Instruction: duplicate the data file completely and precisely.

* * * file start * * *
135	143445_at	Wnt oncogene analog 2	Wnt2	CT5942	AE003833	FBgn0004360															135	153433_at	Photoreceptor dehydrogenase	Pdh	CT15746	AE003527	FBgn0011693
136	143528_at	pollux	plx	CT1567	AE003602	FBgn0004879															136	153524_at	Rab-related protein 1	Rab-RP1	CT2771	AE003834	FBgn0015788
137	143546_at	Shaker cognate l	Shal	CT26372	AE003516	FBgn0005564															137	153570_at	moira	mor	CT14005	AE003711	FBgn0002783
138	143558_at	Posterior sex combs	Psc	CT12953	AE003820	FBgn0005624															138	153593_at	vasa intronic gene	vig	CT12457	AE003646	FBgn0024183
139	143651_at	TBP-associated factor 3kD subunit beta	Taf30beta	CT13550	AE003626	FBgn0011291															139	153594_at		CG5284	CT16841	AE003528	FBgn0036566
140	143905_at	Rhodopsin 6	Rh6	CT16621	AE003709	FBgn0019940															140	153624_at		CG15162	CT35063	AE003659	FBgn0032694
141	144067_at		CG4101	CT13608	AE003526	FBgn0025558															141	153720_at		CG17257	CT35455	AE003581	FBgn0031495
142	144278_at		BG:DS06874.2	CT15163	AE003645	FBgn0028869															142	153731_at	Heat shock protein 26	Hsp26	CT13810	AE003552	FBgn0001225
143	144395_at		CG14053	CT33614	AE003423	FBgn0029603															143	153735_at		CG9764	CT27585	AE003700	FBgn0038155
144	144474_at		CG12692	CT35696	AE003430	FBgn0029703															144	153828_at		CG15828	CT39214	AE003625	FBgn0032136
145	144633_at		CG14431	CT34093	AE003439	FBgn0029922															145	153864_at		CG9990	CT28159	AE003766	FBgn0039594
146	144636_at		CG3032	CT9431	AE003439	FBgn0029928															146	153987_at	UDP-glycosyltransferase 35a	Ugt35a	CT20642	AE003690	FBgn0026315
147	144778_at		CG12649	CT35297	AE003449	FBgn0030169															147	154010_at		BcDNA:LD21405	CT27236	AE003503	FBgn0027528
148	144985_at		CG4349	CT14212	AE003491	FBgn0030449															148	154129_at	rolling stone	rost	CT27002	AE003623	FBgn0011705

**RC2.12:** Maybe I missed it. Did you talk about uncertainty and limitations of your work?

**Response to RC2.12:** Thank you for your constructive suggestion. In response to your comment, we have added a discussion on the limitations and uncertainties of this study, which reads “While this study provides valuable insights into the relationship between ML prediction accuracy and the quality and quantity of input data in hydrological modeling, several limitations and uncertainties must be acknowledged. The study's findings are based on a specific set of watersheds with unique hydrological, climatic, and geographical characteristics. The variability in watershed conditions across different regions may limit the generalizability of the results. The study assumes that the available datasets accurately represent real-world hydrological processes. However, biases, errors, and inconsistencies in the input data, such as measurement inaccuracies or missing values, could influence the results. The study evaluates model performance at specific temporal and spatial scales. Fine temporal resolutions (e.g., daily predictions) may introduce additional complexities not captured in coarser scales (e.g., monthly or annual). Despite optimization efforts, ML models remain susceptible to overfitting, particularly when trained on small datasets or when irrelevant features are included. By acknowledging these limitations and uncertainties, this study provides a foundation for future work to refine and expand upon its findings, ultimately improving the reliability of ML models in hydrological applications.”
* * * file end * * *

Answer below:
135	143445_at	Wnt oncogene analog 2	Wnt2	CT5942	AE003833	FBgn0004360															135	153433_at	Photoreceptor dehydrogenase	Pdh	CT15746	AE003527	FBgn0011693
136	143528_at	pollux	plx	CT1567	AE003602	FBgn0004879															136	153524_at	Rab-related protein 1	Rab-RP1	CT2771	AE003834	FBgn0015788
137	143546_at	Shaker cognate l	Shal	CT26372	AE003516	FBgn0005564															137	153570_at	moira	mor	CT14005	AE003711	FBgn0002783
138	143558_at	Posterior sex combs	Psc	CT12953	AE003820	FBgn0005624															138	153593_at	vasa intronic gene	vig	CT12457	AE003646	FBgn0024183
139	143651_at	TBP-associated factor 3kD subunit beta	Taf30beta	CT13550	AE003626	FBgn0011291															139	153594_at		CG5284	CT16841	AE003528	FBgn0036566
140	143905_at	Rhodopsin 6	Rh6	CT16621	AE003709	FBgn0019940															140	153624_at		CG15162	CT35063	AE003659	FBgn0032694
141	144067_at		CG4101	CT13608	AE003526	FBgn0025558															141	153720_at		CG17257	CT35455	AE003581	FBgn0031495
142	144278_at		BG:DS06874.2	CT15163	AE003645	FBgn0028869															142	153731_at	Heat shock protein 26	Hsp26	CT13810	AE003552	FBgn0001225
143	144395_at		CG14053	CT33614	AE003423	FBgn0029603															143	153735_at		CG9764	CT27585	AE003700	FBgn0038155
144	144474_at		CG12692	CT35696	AE003430	FBgn0029703															144	153828_at		CG15828	CT39214	AE003625	FBgn0032136
145	144633_at		CG14431	CT34093	AE003439	FBgn0029922															145	153864_at		CG9990	CT28159	AE003766	FBgn0039594
146	144636_at		CG3032	CT9431	AE003439	FBgn0029928															146	153987_at	UDP-glycosyltransferase 35a	Ugt35a	CT20642	AE003690	FBgn0026315
147	144778_at		CG12649	CT35297	AE003449	FBgn0030169															147	154010_at		BcDNA:LD21405	CT27236	AE003503	FBgn0027528
148	144985_at		CG4349	CT14212	AE003491	FBgn0030449															148	154129_at	rolling stone	rost	CT27002	AE003623	FBgn0011705

**RC2.12:** Maybe I missed it. Did you talk about uncertainty and limitations of your work?

**Response to RC2.12:** Thank you for your constructive suggestion. In response to your comment, we have added a discussion on the limitations and uncertainties of this study, which reads “While this study provides valuable insights into the relationship between ML prediction accuracy and the quality and quantity of input data in hydrological modeling, several limitations and uncertainties must be acknowledged. The study's findings are based on a specific set of watersheds with unique hydrological, climatic, and geographical characteristics. The variability in watershed conditions across different regions may limit the generalizability of the results. The study assumes that the available datasets accurately represent real-world hydrological processes. However, biases, errors, and inconsistencies in the input data, such as measurement inaccuracies or missing values, could influence the results. The study evaluates model performance at specific temporal and spatial scales. Fine temporal resolutions (e.g., daily predictions) may introduce additional complexities not captured in coarser scales (e.g., monthly or annual). Despite optimization efforts, ML models remain susceptible to overfitting, particularly when trained on small datasets or when irrelevant features are included. By acknowledging these limitations and uncertainties, this study provides a foundation for future work to refine and expand upon its findings, ultimately improving the reliability of ML models in hydrological applications.”